By Sarah Jaffe for Truth Out – Across the country last week, immigrants went on strike to demonstrate what the country would be like if Donald Trump actually followed through on his promised deportations. The Day Without Immigrants actions kicked off in Wisconsin on Monday, February 13, where Voces De La Frontera and partner organizations held a Day Without Latinos, Immigrants and Refugees to protest Milwaukee Sheriff David Clarke’s plans to collaborate with the Trump administration to deport people. We spoke with German Sanchez, one of the workers who went on strike that day. In addition to being a farmworker, Sanchez also volunteers with Voces De La Frontera Milwaukee, United for a Better Future from Fox Cities, and ESTHER (an interfaith social justice group in Wisconsin).
By Alexandra Bradbury for Labor Notes – The Staples boycott is over, and the union won. The Postal Workers (APWU) announced January 5 that the Postal Service will terminate its deal with Staples, closing down the 540 “mini-post offices” inside stores by the end of February and nixing plans to expand them to all 1,600 locations. The union fought for three years against the deal, which amounted to contracting out post office work to the low-wage, non-union office retailer. Staples opened its first postal counters in 2013. They offered a selection of the services APWU members provide at post office windows, including stamp sales, first-class domestic and international mail, and priority and express mail. Customers paid the same rates they would in a real post office — but Staples got a discount from the Postal Service, and pocketed the difference as profit.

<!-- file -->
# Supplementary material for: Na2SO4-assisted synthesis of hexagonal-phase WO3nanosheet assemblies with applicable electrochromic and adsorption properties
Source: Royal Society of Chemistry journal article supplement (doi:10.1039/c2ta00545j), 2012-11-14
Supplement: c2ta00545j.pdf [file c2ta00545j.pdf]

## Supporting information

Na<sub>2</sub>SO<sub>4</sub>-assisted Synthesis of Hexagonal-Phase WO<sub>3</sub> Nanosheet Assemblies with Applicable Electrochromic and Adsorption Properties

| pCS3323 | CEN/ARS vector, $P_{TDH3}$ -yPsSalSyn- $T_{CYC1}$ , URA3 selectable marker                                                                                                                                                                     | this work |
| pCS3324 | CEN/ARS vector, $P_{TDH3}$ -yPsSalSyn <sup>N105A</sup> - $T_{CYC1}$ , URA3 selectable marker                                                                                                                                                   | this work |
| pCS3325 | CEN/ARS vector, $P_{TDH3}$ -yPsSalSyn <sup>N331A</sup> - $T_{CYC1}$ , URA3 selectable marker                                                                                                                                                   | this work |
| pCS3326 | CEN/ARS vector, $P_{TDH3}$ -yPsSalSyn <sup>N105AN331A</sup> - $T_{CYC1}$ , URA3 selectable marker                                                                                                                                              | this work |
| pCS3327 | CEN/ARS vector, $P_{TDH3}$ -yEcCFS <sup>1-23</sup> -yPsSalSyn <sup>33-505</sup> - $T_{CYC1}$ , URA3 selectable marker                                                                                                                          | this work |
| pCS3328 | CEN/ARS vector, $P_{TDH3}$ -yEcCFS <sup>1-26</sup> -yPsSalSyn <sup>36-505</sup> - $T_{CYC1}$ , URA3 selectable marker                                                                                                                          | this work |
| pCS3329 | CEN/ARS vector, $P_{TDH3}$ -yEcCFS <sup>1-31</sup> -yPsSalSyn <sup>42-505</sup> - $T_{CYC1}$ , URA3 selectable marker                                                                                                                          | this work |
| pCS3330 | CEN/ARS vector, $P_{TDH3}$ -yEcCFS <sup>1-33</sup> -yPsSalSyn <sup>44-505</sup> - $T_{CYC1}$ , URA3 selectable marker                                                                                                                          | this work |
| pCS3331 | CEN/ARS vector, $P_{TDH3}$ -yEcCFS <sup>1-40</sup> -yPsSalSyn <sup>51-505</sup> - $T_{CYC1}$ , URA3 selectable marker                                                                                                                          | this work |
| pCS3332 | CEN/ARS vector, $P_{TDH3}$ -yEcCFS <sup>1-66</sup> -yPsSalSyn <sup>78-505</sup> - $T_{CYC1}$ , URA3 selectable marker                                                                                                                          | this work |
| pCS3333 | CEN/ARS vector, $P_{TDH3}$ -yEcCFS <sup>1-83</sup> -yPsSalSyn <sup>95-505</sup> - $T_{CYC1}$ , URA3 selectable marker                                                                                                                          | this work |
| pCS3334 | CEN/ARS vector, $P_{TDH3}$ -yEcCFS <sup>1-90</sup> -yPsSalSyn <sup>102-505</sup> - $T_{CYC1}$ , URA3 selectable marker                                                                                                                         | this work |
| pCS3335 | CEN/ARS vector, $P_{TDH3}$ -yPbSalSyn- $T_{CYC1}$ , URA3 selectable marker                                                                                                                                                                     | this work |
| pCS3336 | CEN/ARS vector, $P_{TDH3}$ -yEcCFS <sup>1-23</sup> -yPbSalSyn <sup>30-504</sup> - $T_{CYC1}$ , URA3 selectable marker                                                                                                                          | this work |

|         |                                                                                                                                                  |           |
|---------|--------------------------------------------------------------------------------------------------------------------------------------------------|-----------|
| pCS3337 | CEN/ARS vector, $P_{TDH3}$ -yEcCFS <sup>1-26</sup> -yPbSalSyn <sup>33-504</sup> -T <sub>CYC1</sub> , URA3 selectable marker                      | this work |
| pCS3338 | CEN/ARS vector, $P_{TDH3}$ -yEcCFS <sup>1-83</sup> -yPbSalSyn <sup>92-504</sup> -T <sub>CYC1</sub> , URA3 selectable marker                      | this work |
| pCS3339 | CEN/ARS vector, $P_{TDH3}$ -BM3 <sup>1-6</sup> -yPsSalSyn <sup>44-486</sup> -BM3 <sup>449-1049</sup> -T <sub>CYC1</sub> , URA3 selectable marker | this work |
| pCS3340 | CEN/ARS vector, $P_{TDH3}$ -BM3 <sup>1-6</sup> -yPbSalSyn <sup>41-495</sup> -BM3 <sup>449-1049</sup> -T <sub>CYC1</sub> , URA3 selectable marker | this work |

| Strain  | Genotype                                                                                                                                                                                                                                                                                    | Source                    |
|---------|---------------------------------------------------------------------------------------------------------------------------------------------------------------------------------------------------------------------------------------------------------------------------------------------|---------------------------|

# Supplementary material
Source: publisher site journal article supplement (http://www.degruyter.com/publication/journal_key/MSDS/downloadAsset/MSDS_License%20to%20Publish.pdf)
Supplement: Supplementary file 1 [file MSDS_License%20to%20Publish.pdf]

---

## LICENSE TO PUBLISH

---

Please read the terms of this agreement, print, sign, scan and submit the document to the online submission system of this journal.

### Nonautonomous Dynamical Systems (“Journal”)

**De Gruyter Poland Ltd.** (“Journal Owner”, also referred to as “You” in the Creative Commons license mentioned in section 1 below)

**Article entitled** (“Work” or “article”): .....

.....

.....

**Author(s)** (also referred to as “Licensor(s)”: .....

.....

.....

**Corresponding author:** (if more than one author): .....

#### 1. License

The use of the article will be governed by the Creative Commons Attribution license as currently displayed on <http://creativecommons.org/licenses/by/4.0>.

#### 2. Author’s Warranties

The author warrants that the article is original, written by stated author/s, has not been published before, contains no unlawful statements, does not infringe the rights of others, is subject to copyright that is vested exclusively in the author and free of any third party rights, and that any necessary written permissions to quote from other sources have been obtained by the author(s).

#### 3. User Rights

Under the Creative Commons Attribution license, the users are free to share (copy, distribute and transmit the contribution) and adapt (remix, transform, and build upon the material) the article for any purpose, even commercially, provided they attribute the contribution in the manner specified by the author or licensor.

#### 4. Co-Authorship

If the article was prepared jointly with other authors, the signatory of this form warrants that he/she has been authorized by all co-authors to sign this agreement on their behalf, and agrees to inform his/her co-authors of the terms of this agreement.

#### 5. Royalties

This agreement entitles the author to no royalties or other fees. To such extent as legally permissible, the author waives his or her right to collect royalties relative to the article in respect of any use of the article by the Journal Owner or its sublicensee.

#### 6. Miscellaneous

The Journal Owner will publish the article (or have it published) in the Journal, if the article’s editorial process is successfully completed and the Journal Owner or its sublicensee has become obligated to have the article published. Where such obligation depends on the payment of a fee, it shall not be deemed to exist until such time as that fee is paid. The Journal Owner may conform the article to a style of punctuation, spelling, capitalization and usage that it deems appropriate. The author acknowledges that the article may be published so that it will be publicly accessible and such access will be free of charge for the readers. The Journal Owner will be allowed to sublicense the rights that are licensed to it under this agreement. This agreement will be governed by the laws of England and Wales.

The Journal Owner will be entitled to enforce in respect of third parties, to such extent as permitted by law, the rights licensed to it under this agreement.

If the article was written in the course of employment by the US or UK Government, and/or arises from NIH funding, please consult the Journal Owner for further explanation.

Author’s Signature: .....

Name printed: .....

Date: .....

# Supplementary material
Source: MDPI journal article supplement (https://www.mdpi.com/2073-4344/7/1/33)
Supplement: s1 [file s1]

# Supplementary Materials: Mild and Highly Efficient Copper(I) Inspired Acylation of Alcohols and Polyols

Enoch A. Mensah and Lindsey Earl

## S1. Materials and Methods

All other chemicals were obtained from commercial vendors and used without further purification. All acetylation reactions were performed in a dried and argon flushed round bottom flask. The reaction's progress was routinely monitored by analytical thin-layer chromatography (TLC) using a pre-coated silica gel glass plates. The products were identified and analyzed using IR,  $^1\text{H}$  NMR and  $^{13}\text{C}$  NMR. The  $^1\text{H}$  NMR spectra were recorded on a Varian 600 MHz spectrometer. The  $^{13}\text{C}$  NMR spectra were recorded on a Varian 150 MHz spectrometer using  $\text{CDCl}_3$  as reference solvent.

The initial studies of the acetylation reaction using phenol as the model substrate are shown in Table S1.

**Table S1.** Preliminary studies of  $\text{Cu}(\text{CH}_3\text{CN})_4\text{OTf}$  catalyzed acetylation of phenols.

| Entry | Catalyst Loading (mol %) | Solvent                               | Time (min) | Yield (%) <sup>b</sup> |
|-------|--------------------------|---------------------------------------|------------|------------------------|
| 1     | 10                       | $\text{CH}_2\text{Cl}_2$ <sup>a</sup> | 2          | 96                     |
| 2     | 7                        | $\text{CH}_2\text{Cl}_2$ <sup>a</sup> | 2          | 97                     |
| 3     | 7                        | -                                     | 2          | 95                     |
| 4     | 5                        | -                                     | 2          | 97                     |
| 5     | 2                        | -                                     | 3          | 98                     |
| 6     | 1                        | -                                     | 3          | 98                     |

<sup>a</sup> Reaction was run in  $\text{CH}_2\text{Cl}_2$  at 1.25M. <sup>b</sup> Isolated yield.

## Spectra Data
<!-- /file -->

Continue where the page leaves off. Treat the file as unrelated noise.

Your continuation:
By Deirdre Fulton for Common Dreams – Galvanized in response to the Trump administration’s attacks on immigrants, women, the LGBTQ community, and the environment, Friday’s action “amplifies a new chapter of nonviolent resistance ushered in over the last six weeks by calling for strikes that grow in number and power,” the statement reads, pointing to other strike actions planned for March 8 and May 1, as well as “a heightening resistance throughout the summer.” The #F17Strike, as it was being called, also came on the heels of Thursday’s national “Day Without Immigrants,” as well as more localized walk-out actions in Wisconsin and New York. And in a piece published this week at YES! Magazine, senior editor James Trimarco posited that “Feb. 17 is just the beginning.” While “[i]t’s not the American way for workers across industries to stage a one-day walkout to make a statement,” as columnist Shirley Leung wrote in Friday’s Boston Globe, she wondered: “Could that change in the Trump era?”